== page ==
The Charter sets out consultation requirements for proposed amendments to designated instruments.
It provides greater opportunities for South Australians to influence how we live, work and move in our urban and rural areas.
About this instrument
Before now, many people’s first interaction with the planning system was when a new house or other form of development was built near them, without understanding the planning policy that enabled this to occur.
The new Community Engagement Charter will help understanding of the planning system by inviting the community input on planning policies that shape the places they value.
The Community Engagement Charter must be used when initiating an amendment to an operational statutory instrument.
The Commission will review the performance of the Charter and Guide as it tests it in the delivery of the new planning system for South Australia. The Commission can amend the Charter at any time and must review it every five years.
A major inclusion in the Planning, Development and Infrastructure Act 2016, is the Community Engagement Charter. The Act places the emphasis on engaging communities early, when the rules, such as the Planning and Design Code and other regulatory instruments are being developed rather than at the later stages of the planning process when it may be too late to influence outcomes.
This ensures that people and communities have a greater opportunity to “have a say” in developing planning policy for our state.
Public focus groups and ongoing consultation shaped the Charter’s five engagement principles.
Those participating told us that they wanted engagement that is:
- inclusive and respectful
- fit for purpose
- informed and transparent
- reviewed and improved.
Councils and state government must design engagement strategies that meet these principles and tailor engagement to the needs of the community and the characteristics of the project. The Charter makes sure that planners and developers gather input early and more widely from other stakeholders and our communities.
Traditional engagement tools used alongside new technologies will be encouraged.
Measuring, reporting and reviewing the performance of public engagement is also a key requirement of the Charter.
The State Planning Commission is responsible for reviewing and maintaining the Charter and has the authority to determine whether compliance with the Charter principles have been met prior to decisions being made.
State Planning Policies
Provide direction for Regional Plans, Planning & Design Code and EISs.
Set the long-term vision for an area of the State, and must align with any relevant State Planning Policies.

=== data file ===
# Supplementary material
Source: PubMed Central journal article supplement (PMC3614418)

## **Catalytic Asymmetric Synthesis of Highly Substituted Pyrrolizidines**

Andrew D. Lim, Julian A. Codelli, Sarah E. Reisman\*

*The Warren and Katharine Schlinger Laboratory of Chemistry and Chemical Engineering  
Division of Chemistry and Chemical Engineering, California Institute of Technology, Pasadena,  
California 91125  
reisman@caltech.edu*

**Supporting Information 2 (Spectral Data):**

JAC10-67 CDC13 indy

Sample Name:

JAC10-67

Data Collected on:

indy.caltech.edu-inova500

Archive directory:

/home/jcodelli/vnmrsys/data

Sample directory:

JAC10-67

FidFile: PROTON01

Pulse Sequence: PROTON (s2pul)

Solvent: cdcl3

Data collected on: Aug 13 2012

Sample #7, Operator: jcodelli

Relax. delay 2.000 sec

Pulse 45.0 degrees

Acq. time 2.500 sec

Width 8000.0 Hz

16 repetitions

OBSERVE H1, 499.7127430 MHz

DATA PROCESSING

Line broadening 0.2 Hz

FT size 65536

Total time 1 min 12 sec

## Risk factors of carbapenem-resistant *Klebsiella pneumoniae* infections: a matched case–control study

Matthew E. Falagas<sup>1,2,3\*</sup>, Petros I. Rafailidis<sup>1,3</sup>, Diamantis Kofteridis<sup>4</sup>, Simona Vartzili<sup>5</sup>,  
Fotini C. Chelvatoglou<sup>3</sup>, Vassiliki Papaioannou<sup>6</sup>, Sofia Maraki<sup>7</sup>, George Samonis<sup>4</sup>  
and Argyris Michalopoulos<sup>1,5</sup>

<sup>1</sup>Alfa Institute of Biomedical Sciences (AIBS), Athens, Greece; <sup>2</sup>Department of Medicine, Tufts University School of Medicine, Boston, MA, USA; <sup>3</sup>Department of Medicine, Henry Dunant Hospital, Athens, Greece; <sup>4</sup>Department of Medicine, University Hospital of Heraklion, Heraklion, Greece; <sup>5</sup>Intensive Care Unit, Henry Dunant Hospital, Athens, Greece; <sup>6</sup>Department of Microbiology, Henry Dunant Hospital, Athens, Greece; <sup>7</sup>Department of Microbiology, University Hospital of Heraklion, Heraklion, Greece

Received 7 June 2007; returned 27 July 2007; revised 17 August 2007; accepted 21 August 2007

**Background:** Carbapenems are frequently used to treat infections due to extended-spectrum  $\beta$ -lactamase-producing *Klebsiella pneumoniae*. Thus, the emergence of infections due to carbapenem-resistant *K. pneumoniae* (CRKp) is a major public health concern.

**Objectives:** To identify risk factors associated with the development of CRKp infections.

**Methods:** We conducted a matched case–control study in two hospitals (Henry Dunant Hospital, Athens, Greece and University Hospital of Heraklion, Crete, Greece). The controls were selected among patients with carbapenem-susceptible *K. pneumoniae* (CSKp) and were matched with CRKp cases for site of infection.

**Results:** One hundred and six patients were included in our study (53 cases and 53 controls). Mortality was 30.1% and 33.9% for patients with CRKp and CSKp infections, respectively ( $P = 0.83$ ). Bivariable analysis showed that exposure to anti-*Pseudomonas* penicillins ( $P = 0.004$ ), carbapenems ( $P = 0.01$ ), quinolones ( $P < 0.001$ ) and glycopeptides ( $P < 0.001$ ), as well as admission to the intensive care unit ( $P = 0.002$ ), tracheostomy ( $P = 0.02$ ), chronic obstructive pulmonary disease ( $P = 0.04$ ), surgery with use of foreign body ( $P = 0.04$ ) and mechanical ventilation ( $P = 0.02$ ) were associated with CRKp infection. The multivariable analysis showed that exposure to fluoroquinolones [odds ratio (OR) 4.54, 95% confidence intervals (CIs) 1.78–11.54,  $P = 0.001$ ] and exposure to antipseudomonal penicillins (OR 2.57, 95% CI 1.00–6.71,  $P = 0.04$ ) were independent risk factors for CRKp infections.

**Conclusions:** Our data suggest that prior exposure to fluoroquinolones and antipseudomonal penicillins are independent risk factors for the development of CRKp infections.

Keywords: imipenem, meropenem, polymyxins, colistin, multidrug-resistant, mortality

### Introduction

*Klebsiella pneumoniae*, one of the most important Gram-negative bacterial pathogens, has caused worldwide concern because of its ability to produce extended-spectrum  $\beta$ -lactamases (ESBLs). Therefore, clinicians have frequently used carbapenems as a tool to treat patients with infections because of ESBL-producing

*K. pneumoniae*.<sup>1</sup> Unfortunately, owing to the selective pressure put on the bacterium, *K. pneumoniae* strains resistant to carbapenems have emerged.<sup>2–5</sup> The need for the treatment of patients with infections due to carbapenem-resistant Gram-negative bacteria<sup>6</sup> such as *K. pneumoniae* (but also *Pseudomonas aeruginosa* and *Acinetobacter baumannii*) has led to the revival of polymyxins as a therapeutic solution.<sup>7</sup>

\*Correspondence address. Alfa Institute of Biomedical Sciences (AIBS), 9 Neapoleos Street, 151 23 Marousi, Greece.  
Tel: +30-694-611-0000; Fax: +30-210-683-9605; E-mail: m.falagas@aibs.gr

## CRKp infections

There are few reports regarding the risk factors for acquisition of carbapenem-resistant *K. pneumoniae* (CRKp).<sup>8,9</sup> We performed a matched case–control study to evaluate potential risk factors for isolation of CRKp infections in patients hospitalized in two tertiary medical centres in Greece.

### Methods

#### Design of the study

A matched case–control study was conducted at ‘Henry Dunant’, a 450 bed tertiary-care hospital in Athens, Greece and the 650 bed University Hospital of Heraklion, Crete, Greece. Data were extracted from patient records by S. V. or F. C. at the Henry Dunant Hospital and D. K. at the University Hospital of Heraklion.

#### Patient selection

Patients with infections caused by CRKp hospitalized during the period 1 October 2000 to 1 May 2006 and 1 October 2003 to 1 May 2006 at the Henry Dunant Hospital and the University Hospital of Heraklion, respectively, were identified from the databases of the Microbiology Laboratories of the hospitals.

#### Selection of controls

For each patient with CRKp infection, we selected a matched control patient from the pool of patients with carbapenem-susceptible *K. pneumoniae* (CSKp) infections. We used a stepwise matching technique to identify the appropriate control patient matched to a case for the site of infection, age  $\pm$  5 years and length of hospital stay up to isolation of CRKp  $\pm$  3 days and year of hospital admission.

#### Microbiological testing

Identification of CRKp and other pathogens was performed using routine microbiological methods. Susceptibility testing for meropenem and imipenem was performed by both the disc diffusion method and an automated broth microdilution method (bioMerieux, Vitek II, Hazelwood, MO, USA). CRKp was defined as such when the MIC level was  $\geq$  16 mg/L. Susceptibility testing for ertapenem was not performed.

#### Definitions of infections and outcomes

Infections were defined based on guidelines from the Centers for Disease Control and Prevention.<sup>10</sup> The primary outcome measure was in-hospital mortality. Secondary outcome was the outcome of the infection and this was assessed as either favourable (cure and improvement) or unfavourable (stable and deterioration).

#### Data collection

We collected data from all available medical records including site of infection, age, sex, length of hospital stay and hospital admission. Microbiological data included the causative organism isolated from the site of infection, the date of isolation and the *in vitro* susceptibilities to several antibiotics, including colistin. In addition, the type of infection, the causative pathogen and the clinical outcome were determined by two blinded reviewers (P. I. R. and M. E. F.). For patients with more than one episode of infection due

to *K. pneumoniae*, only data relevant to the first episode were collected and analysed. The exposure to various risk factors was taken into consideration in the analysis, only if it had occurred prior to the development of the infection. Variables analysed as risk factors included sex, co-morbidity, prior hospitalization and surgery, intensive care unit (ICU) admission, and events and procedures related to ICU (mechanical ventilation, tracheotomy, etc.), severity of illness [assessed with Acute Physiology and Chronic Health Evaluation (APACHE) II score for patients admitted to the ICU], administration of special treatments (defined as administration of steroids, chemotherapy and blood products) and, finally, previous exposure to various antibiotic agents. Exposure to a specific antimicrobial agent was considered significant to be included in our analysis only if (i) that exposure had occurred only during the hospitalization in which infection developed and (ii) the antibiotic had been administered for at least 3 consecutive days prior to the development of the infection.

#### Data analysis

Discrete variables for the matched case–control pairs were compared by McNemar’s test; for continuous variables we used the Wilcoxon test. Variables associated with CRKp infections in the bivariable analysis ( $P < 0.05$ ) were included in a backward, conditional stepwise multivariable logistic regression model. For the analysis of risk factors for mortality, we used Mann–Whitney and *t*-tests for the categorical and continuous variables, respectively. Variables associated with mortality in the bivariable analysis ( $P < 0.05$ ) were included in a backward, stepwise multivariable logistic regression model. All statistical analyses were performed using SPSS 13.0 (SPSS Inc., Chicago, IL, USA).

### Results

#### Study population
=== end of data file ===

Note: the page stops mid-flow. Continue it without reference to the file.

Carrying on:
The Planning and Design Code
Will replace current development plans.
Ensure a consistent approach to the design of local infrastructure (eg stormwater, local road construction and lighting).
Set the rules and process for assessing development applications.
Assessment processes in the new planning system must provide certainty, consistency, timeliness and minimal risk of appeal, particularly where development outcomes meet the rules established through early engagement.
The Charter does not have a statutory role in assessment of development applications, and procedures to be followed for public notification and the invitation of feedback on development proposals outlined in the Act are to be determined by regulation. These vary across the different assessment pathways within the new planning system.
The planning process and visioning for areas will influence planning rules and how they may apply at the local level. Linking the planning rules to the vision requires genuine engagement. The community would therefore be informed about the planning rules applying to them and their surroundings and an understanding about what form future developments may take.
The new assessment pathways provide engagement scaled to the possible impacts of development as shown below.
The principles of good community engagement as set out in the Charter will be considered when the regulations for development assessment are determined
Code assessed – Deemed-to-satisfy
Code assessed – Performance assessed
Notification of adjoining land owners and notice on land unless exempt by Code
Impact Assessed – Restricted
Notification of adjoining land owners, others affected, public notice, notice on land (unless Commission dispenses)
Impact Assessed - Impact assessed
Public notice, written submissions, and additional consultation as required by the Minister
The State Planning Commission has developed the Charter by listening to a range of community, industry, councils and state bodies about its important features.
Download the Commission's Engagement Report (PDF, 1102 KB).
There has been three phases of engagement for the Community Engagement Charter with members of the public being a part of the development of the Charter from the very beginning:
Stage 1 - Pre-Engagement
Planning Together Panel, stakeholder Groups and the practitioner panel worked to inform the preparation of the Discussion Draft of the Community Engagement Charter.
Stage 2 - Discussion Draft
The Commission released the Discussion Draft for comment from the Community and Stakeholder Groups including Councils from 28 August 2017 to 6 October 2017. The Consultation Phase 1 Report was then released and made available on the SA Planning Portal.
Stage 3 - Consultation Draft
The Commission released the Draft Community Engagement Charter and the Guide for a formal 6 weeks consultation from 30 October 2017 to 8 December 2017.
If you can't find a document, try searching PlanSA's resources library.